David tracked him down and said to him, “I will restore to you all the land that belonged to your grandfather…and you will always eat at my table.”


To eat at the king’s table meant to live under the king’s protection and to be treated like a member of the king’s family. Mephibosheth was terrified by this. Remember his grandfather had used the table to try to kill David, so of course, he’s afraid the same thing might be going on.


He says this poignant statement to David, “What is your servant, that you should notice a dead dog like me? My grandfather tried to kill you. People could think I was an heir to your throne. I’m the warrior.”


David said, “No I want you at my table.” He’s so committed to this action that four separate times in this little passage, four times, we’re told, “So Mephibosheth ate at David’s table like one of the king’s sons.” You can tell a lot about a person’s heart by who they make a place for at their table.


This story makes me think about the 23rd Psalm.


The Lord is my shepherd; I shall not want.

He makes me to lie down in green pastures;

He leads me beside the still waters. He restores my soul;

He leads me in the paths of righteousness For His name’s sake.

Yea, though I walk through the valley of the shadow of death, I will fear no evil;

For You are with me; Your rod and Your staff, they comfort me.

You prepare a table before me in the presence of my enemies;

You anoint my head with oil; My cup runs over.

Surely goodness and mercy shall follow me All the days of my life;

And I will dwell in the house of the Lord Forever.


Eating is a funny thing. Appetite is a funny thing, the way it comes and goes. There are certain times you can’t eat. If you’re anxious, you’re not very hungry. If you’re afraid or you’re worried, or you’re really mad, you can’t eat.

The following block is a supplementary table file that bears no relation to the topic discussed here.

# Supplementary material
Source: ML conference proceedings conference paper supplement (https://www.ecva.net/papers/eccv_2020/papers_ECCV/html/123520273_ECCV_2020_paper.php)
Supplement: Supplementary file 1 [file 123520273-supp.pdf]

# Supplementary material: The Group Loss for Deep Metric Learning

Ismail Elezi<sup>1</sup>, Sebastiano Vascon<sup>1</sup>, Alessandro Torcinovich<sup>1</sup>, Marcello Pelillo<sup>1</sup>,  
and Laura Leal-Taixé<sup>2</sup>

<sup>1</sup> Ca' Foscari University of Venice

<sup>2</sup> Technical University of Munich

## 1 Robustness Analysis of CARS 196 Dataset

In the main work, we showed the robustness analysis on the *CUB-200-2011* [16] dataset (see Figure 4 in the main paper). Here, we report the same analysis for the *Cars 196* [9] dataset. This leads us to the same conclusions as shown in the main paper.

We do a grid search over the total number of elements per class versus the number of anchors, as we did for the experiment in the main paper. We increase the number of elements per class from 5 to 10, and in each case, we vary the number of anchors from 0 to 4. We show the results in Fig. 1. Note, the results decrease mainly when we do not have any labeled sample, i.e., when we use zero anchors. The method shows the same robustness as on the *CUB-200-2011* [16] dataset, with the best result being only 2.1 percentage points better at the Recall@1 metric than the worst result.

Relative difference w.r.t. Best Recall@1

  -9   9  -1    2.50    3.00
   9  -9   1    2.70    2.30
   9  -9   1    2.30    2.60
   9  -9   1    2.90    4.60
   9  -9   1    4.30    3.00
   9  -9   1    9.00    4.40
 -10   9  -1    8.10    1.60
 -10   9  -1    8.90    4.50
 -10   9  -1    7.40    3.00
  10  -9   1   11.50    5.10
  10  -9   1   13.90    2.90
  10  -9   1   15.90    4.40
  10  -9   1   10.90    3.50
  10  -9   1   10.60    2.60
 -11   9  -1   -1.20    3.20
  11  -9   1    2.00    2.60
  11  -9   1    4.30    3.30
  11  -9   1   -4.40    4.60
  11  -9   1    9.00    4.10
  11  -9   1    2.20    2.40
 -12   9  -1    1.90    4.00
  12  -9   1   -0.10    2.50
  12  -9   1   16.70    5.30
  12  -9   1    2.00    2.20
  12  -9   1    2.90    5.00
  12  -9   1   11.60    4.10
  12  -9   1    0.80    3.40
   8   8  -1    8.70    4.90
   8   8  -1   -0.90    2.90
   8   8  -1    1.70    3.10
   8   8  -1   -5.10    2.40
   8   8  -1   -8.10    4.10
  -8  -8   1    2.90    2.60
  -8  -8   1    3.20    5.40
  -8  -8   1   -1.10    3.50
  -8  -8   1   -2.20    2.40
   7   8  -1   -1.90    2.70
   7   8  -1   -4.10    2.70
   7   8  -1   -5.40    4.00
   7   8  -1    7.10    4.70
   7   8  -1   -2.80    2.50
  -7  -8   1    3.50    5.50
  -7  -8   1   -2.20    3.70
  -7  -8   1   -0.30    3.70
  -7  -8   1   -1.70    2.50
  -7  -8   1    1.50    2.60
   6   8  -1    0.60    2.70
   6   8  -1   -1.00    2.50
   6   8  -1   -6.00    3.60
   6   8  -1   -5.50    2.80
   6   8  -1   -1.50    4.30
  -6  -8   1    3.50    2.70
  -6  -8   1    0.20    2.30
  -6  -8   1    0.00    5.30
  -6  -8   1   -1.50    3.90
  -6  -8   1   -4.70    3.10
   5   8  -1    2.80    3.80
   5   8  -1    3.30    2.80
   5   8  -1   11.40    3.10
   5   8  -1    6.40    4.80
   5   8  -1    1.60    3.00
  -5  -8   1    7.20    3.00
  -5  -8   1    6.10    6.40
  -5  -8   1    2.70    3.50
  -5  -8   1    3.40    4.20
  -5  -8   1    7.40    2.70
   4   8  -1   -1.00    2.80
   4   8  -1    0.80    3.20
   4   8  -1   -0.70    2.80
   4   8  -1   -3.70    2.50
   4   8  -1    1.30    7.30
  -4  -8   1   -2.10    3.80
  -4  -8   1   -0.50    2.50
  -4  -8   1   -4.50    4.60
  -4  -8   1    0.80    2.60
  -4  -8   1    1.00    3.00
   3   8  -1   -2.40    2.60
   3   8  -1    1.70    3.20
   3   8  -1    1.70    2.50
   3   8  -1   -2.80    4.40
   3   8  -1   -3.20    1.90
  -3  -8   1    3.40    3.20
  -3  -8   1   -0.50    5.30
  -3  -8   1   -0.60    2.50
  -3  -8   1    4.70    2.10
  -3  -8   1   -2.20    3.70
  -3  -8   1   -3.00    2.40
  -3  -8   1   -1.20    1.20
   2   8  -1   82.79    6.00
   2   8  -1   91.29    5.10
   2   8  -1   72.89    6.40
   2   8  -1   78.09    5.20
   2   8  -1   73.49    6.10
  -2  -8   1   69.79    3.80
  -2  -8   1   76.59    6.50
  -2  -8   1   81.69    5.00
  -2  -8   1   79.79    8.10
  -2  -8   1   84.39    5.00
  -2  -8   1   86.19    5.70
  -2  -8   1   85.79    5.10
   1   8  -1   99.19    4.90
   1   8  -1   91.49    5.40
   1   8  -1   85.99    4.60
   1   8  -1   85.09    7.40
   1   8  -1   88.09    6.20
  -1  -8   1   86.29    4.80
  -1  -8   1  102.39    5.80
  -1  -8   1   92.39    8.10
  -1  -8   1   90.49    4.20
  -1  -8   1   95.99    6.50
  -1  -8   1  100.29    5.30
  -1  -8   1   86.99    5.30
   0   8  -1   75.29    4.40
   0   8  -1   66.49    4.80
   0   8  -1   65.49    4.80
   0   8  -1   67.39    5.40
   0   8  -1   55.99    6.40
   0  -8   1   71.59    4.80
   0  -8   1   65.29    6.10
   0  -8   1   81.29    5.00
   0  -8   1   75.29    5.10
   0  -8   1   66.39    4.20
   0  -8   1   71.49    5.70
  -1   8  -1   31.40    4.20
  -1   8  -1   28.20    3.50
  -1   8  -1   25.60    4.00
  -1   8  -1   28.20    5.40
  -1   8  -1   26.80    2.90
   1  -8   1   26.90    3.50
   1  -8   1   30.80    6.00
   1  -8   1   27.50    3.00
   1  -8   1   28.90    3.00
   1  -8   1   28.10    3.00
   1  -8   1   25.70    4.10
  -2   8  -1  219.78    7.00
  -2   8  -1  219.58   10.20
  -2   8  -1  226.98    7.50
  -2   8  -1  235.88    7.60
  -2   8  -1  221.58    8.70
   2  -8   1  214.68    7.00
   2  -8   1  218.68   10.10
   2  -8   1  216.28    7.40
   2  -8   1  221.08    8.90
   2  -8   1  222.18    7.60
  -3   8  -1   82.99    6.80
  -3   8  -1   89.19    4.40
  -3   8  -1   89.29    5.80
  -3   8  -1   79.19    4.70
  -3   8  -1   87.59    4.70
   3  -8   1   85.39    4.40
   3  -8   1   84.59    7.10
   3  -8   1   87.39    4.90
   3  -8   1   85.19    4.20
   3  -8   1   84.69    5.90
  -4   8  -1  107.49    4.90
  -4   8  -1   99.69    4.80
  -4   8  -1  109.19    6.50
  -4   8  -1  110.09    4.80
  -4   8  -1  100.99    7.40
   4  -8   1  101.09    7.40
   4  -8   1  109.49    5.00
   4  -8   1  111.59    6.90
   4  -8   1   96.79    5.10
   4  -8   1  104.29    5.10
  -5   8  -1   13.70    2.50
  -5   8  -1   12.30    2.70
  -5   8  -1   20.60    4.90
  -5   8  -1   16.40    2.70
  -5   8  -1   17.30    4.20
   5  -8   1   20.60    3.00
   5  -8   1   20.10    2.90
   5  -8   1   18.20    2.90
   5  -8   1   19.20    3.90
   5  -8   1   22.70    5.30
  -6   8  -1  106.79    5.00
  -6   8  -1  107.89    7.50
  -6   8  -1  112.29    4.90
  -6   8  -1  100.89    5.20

“You prepare a table before me in the presence of my enemies.” This is an amazing and wonderful statement. Our Good Shepherd is so good He brings so much peace that, even in the presence of my enemies, even in the valley of the shadow of death, I can sit down at His table and be at peace and eat.


You can tell a lot about a person by who sits at their table. Jesus was constantly getting in trouble for this. In His culture, to sit at the table with somebody was to extend to that person acceptance, love, protection, and friendship.


One scholar puts it this way, “The shared table is the shared life.” Jesus did this with the strangest people, and he got hammered for it by religious leaders. The Pharisees asked His disciples, “Why does your teacher eat with tax collectors and sinners?” Another time they said about Jesus, “This man welcomes sinners and eats with them.”


He got in a lot of trouble about the table, and he never apologized for this. He would never stop. In fact, in that same chapter in the Bible (Luke 15) Jesus tells a story about a table.


This particular table had three chairs: one for a dad and one for each of his two sons. The boys were very different. One day, the younger boy says, “I don’t want to sit at your table anymore. I want whatever would be coming to me after you die, old man, but I want it now.” He gets up from his chair, and he leaves his father’s table. Every day the old man sits at the table, and every day he looks at that empty chair and thinks about his boy.


Some of you know the pain of an empty chair around your table, and maybe it’s because of an estrangement, a runaway, a separation, or a loss. It’s a strange thing. Even the father in Jesus’ story, even Jesus’ Father, can only wait and suffer and love. It’s a funny thing about a table.